Goodreads helps you keep track of books you want to read.
Start by marking “Bringing Columbia Home: The Untold Story of a Lost Space Shuttle and Her Crew” as Want to Read:
Bringing Columbia Home: The Untold Story of a Lost Space Shuttle and Her Crew
Enlarge cover
Rate this book
Clear rating
Open Preview

Bringing Columbia Home: The Untold Story of a Lost Space Shuttle and Her Crew

4.24  ·  Rating details ·  814 ratings  ·  108 reviews
Mike Leinbach was the launch director of the space shuttle program when Columbia disintegrated on reentry before a nation’s eyes on February 1, 2003. And it would be Mike Leinbach who would be a key leader in the search and recovery effort as NASA, FEMA, the FBI, the US Forest Service, and dozens more federal, state, and local agencies combed an area of rural east Texas th
Kindle Edition, 400 pages
Published January 23rd 2018 by Arcade Publishing (first published January 2nd 2018)
More Details... edit details

Friend Reviews

To see what your friends thought of this book, please sign up.

Reader Q&A

To ask other readers questions about Bringing Columbia Home, please sign up.

Be the first to ask a question about Bringing Columbia Home

This book is not yet featured on Listopia. Add this book to your favorite list »

Community Reviews

Showing 1-30
4.24  · 
Rating details
 ·  814 ratings  ·  108 reviews

More filters
Sort order
Feb 07, 2018 rated it it was amazing  ·  review of another edition
On the morning of February 1, 2003, I was in my car and tuned in to the local NPR radio station. Despite working in the space industry, I hadn't been following shuttle missions very closely, so I wasn't expecting to hear anything in particular about Columbia's return. But I was confused to hear an audio feed from mission control in Houston, with the call, "Columbia, Houston. Comm check." repeated over and over. What was going on? Why were they broadcasting this? Of course the grim situation soon ...more
Jan 27, 2018 rated it really liked it  ·  review of another edition
Shelves: 2018, non-fiction
I am a total NASA nerd. Reading about the history of manned space flight is one of my passions, so I was really looking forward to this book’s release. I remember the day Columbia broke up vividly. And this book is really interesting, because it’s not about the launch, where Columbia was doomed, or what the astronauts did during their time in space, it’s fully about the recovery of the Columbia debris (and the great lengths taken to find the remains of her crew) and the effort to find out what c ...more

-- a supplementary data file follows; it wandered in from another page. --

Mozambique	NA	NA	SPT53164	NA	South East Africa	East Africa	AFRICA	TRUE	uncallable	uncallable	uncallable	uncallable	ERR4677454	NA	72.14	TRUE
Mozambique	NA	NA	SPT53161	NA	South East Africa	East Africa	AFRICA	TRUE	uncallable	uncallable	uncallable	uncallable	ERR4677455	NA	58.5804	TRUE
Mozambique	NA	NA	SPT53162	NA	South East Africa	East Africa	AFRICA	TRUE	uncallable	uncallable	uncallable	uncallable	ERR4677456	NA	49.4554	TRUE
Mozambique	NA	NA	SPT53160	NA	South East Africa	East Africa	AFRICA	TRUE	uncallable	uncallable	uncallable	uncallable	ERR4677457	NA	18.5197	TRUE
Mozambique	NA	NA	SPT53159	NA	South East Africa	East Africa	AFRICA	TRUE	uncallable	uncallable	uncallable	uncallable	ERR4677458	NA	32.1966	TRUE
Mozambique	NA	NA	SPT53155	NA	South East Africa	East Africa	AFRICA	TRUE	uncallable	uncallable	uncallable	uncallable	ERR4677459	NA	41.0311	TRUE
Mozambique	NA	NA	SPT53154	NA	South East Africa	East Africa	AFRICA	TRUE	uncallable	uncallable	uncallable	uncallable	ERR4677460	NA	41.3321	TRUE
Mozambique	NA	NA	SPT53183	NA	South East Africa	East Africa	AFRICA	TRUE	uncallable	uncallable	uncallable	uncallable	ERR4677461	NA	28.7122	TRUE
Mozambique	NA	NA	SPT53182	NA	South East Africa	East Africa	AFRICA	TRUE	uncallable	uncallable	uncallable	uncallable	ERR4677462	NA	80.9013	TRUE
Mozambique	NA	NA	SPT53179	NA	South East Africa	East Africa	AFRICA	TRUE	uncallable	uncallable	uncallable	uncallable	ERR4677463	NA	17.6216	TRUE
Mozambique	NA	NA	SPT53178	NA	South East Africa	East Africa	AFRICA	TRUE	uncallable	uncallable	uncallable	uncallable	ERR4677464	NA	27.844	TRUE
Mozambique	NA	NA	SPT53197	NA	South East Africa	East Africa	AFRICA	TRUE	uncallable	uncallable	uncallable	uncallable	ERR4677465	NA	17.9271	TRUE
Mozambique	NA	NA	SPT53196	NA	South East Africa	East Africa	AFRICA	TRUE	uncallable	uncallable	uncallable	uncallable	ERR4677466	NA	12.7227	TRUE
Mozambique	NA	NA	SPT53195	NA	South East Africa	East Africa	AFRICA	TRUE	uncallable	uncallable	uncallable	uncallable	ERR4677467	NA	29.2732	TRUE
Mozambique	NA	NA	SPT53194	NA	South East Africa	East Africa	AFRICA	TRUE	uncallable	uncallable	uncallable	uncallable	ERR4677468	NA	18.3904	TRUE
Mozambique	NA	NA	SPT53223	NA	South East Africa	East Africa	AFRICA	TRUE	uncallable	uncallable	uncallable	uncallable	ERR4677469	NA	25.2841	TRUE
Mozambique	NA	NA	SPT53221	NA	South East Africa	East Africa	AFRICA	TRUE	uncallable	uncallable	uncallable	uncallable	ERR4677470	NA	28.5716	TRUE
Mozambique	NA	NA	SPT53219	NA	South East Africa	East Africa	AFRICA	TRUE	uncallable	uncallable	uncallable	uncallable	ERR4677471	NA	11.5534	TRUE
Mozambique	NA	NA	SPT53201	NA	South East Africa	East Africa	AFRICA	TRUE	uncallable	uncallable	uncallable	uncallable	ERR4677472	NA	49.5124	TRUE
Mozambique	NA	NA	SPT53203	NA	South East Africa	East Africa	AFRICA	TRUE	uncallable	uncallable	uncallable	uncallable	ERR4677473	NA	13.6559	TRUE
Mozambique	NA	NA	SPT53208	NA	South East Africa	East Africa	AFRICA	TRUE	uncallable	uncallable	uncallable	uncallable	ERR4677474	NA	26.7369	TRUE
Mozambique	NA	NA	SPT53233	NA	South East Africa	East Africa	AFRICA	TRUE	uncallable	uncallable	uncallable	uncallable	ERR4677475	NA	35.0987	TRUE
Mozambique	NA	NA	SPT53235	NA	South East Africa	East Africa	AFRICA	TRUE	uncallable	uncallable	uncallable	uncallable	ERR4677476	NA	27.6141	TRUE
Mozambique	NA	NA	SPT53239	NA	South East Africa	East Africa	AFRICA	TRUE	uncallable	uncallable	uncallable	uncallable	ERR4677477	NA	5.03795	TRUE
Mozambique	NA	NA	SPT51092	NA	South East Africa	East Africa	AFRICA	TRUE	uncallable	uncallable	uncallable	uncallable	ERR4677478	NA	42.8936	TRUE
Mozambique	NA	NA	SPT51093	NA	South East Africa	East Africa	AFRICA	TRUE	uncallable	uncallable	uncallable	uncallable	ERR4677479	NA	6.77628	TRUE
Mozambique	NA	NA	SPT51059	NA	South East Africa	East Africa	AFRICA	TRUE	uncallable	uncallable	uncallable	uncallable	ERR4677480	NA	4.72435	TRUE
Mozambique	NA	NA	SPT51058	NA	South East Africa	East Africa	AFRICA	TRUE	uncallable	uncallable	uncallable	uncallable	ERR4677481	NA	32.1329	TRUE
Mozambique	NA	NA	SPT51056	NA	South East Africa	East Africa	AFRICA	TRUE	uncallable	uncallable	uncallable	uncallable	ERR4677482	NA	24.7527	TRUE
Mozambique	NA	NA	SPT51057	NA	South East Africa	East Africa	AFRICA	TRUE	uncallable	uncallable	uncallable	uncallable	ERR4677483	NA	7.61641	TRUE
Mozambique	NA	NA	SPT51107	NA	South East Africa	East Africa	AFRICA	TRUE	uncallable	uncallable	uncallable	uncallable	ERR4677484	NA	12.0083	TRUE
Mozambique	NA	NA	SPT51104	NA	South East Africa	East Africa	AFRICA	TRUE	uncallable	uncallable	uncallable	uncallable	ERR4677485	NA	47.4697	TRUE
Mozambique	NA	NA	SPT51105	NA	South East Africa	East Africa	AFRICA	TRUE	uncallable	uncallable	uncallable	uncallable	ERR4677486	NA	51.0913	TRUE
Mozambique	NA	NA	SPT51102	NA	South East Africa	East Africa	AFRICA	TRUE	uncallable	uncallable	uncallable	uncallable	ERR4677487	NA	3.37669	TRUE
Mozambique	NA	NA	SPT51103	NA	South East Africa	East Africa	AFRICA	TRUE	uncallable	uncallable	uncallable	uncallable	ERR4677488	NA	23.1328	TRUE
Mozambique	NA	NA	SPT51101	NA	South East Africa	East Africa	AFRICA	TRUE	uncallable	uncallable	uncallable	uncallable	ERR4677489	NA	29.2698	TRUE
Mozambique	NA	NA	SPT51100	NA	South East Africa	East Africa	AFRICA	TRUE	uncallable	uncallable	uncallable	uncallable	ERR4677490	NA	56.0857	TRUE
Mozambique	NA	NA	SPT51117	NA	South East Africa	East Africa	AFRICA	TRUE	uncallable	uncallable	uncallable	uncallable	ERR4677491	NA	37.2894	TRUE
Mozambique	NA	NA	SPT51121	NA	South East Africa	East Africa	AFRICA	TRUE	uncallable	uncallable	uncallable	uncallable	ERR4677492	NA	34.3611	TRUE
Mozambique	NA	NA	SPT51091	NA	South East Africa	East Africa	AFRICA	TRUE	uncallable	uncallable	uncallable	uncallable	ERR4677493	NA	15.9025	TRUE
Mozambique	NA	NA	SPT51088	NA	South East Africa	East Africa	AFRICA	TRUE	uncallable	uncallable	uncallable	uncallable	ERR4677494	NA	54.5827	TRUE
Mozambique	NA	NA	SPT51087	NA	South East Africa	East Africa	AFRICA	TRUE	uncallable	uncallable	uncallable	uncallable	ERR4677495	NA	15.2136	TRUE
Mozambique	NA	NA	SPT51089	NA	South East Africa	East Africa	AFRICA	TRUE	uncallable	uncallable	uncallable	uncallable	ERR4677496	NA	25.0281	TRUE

Feb 06, 2018 rated it it was amazing  ·  review of another edition
Just LOVED this book.. Hats off to the authors for writing such an incredible book !
Must read for all space program lovers !!
I wasn't expecting this to be such an emotional reading experience, but it most definitely was. This tells the story of the Columbia shuttle disaster in 2003. But it tells way more than that. In this incredible book you really get to see just how amazing people are, the lengths that strangers will go to step up in the midst of a crisis, and the idea that the space program is America's space program and that it's important.

I remember when the Columbia broke apart on reentry. I watched a lot of t
Jun 11, 2018 rated it it was amazing  ·  review of another edition
Shelves: audiobook, favorites
A great story about what happened immediately after the Space Shuttle Columbia’s breakup while re-entering earth's atmosphere, from the actions of NASA, first responders throughout the country, federal, state, and local government officials, and citizen volunteers through the accident investigation. This is what I would call a “got their hands dirty” story – the work being described was mostly the hands-on, in the field variety, not so much the stuff happening back at the office. And by in the f ...more
The commemorative video's title says it all: Sixteen Minutes from Home.

On February 1, 2003, space shuttle Columbia and her crew were on the way home with the plan to land at Kennedy Space Center (KSC) in Florida. Over Texas it disintegrated, leaving a trail of debris nearly 250 miles long from south of Dallas to just over the border with Louisiana.

The author, Michael Leinbach, was the launch director of NASA's space shuttle program. as well as a key leader in the search and recovery of the debri
I remember watching videos of space shuttle Columbia's destruction in high school. I also remembering wishing I knew that I could have looked up that morning and seen the shuttle fly over my hometown

This book's author, Michael Leinbach, was the head administrator for NASA's effort reconstruct the remains of the space shuttle and figure out what happened. The book focuses more on documenting how Columbia was recovered as opposed to what failures caused columbia to crash. And it's really fascinat
Feb 05, 2019 rated it liked it
This was a very, very detailed account of the recovery efforts for the Columbia orbiter. So many names, places, and minutia that probably helped bring closure to people more directly involved. For an average reader or even someone with a mild interest in space, it was TOO detailed and could have been greatly shortened. The story it tells is important and 5 star worthy in itself, but the book was a bit tedious at times. I wish there was a little more personal background on the crew and the missio ...more
Jul 23, 2018 rated it it was amazing  ·  review of another edition
Some of my earliest memories are of Alan Shepard...John Glenn and the beginnings of our space program. And just like many others, I'll always remember where I was when I witnessed the loss of both the Challenger and Columbia space shuttles. So I was very interested in what Michael Leinbach had to say about the recovery efforts of the Columbia, for me it was a must read.
I think it is a remarkable book, at times uplifting and inspiring but also bringing sadness and tears
Highly recommended.
Michael Mesarch
Dec 28, 2018 rated it it was amazing  ·  review of another edition